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Are You Too Busy For Incremental Improvement?

Posted by Rhonda Wunderlin

Apr 25, 2014, 4:00:00 PM

Incremental Improvement Works.

519742656_0b2323bc8e_m“Everything takes time. Bees have to move very fast to stay still.”  
― David Foster Wallace

There are many articles discussing how to make time for improvement, and The Lean Blog does a great job summarizing some responses to that dilemma.  The various opinions discuss prioritizing, making time, getting people involved, and so on. And this article, Are you too busy to improve?, talks about focusing on ‘the system’, quoting Deming “A bad system will beat a good person every time."

All of these are very valid approaches, but when considering how to "make time," it’s advantageous to think about incremental improvement as well – a deliberate approach of gradual and constant small improvements.

Breaking Big Tasks into Achievable Steps

Often, taking the time for improvement seems like a big project, overwhelming and difficult. Most of us deal with this daily in both our business and personal lives… putting it off until tomorrow seems much easier than dealing with it now. Instead of procrastinating, we need to remind ourselves that by breaking down large tasks into smaller, manageable subtasks, it becomes much easier for us to stay focused and tackle them, keeping the momentum going.

How Big is Too Big for a Task?

I keep an opportunity improvement list for my team that I update weekly. There always seems to be that one item that gets carried over to the next week, the next month. It’s easy to do the little projects first while I avoid addressing the big projects.

For example, my brain processes “Improve data quality” as a monumental task. But by breaking it down to simple tasks, it becomes less daunting. Tasks like:

  1. Import the data from an external data source.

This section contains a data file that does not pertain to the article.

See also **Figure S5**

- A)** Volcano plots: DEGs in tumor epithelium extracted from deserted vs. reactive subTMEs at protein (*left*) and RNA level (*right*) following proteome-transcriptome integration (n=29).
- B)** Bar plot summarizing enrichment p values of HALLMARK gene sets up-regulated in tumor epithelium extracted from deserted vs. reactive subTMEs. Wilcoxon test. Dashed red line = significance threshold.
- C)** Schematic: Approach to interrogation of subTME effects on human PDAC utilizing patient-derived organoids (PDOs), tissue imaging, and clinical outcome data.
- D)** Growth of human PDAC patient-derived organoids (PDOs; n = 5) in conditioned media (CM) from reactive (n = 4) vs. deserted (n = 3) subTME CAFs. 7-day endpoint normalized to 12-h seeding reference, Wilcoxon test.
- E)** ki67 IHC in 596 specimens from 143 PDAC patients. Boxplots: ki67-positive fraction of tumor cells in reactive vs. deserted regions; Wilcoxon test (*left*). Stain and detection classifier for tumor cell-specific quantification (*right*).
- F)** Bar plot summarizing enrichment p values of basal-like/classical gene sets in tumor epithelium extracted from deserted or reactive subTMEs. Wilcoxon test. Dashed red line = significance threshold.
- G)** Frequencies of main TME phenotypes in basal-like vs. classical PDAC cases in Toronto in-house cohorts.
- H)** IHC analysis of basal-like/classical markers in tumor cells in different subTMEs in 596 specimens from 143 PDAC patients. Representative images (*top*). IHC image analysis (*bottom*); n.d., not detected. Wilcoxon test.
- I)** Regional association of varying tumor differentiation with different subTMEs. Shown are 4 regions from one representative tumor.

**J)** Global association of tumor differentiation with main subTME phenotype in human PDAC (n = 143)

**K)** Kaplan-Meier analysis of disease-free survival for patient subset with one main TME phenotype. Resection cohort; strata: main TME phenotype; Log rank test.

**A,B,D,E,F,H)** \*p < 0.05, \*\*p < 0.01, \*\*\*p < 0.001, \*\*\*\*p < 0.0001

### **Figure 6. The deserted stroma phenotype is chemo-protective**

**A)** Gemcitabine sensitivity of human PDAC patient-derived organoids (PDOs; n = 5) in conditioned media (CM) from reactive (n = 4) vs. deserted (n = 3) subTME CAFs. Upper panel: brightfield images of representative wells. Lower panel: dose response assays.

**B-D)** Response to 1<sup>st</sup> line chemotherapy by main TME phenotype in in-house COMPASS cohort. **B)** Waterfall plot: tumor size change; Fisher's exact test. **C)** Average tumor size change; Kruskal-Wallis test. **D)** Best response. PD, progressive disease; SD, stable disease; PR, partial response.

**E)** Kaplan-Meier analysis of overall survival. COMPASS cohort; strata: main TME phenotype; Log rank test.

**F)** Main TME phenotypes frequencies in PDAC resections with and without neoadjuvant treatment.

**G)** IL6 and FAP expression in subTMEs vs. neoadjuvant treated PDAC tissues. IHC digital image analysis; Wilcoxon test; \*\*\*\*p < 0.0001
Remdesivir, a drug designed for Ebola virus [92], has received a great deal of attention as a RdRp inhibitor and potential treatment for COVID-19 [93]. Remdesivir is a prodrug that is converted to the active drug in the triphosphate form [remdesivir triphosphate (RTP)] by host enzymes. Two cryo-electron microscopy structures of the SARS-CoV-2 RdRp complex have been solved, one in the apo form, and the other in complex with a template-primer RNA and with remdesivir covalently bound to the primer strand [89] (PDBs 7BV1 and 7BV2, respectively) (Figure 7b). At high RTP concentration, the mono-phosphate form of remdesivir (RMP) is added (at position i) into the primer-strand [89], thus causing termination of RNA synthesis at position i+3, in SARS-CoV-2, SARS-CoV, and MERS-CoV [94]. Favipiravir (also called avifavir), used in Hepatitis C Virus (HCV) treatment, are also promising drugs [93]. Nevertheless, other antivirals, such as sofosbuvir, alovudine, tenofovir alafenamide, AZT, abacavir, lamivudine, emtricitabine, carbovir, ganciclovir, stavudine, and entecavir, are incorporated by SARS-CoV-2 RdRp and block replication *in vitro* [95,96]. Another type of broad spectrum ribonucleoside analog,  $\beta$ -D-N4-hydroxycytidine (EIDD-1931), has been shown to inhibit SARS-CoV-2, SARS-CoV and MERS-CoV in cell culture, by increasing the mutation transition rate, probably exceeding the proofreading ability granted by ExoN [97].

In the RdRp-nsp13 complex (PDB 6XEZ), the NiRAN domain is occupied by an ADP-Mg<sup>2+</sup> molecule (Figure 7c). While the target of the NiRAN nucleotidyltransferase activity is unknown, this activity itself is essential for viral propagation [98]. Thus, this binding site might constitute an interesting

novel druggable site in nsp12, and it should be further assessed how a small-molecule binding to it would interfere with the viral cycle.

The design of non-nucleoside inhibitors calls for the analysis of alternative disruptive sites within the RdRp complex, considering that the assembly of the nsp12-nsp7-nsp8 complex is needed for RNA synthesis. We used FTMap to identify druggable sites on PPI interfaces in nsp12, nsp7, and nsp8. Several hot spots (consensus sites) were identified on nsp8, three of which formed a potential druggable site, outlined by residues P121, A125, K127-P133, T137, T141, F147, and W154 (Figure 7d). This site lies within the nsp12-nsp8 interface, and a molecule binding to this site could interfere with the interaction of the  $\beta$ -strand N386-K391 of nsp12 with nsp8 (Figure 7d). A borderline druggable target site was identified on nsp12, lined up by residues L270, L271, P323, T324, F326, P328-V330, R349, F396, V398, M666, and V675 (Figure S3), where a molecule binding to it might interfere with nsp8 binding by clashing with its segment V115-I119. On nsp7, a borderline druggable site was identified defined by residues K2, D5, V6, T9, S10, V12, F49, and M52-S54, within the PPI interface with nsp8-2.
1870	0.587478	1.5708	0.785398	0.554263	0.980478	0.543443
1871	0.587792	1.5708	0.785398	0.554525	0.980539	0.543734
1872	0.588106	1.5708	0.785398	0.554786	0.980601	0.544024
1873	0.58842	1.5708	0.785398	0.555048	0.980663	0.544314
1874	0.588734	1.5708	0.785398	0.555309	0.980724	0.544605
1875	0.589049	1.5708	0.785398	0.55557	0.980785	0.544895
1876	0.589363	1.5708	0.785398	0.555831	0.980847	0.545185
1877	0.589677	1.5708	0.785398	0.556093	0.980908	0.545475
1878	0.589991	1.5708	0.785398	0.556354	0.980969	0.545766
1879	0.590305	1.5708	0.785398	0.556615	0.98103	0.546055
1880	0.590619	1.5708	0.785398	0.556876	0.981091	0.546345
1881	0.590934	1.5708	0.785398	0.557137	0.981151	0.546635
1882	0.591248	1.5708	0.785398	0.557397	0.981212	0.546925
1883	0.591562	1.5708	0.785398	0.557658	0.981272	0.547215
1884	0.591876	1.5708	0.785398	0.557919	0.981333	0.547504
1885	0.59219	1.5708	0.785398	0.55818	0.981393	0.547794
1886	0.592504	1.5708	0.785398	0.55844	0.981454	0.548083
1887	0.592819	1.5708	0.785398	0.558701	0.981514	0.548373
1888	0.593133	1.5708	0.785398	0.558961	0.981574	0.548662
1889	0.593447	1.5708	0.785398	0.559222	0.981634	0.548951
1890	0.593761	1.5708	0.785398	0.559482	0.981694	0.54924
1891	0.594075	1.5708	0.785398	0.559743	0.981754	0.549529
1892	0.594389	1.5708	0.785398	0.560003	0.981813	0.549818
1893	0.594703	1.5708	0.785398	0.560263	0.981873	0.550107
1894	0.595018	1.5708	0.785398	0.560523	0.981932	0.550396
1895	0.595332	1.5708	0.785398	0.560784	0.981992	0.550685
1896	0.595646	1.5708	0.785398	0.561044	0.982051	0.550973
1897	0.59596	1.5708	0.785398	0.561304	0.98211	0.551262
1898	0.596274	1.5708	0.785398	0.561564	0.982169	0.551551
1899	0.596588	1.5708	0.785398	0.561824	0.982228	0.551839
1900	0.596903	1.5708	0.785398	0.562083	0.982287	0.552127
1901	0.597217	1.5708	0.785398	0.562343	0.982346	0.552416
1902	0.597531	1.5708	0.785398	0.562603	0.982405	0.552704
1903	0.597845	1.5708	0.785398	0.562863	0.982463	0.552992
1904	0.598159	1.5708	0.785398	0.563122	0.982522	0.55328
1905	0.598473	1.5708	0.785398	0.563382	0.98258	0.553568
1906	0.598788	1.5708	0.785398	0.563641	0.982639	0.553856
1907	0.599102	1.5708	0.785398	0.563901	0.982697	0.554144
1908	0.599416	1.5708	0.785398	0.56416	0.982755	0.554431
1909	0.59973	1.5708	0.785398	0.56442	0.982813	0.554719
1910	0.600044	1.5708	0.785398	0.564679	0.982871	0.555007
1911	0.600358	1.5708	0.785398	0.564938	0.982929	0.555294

2. Create a backup copy of the original data in a separate workbook.
  3. Ensure that the data is in a tabular format of rows and columns.
  4. Do tasks that don't require column manipulation first.
  5. Do tasks that do require column manipulation.

For larger projects, breaking them down allows us to systematically get the project completed successfully. Although we don’t get big breakthrough improvement all at once, we are seeing ongoing, cumulative results over time.

Incremental Improvement or Huge Leaps?

Malcolm Gladwell is a advocated of change occurring through smaller, incremental improvements. In a recent interview with Forbes, he reminded us that in the ‘60s, car makers were ‘nudged’ in the direction of safety. First, “You’ve got to equip all cars with seatbelts.” Then, “In the ‘70s, we started setting standards for fuel economy.” Finally, “The automobile industry took those (nudges) and used them to create airbags and develop hybrids.” Safety innovations will continue to be essential in the automobile industry, and will likely persist as incremental changes vs. sweeping changes.

Small Improvements are Powerful

Improvement doesn’t have to come with sweeping changes. Although the results may not produce dramatic effects immediately, they will be long lasting. And, the accumulation of numerous small improvements is often as powerful, or even more powerful, than huge leaps.

I’d love to hear what your experience has been with incremental vs. breakthrough improvements - leave a comment and tell me aout it!

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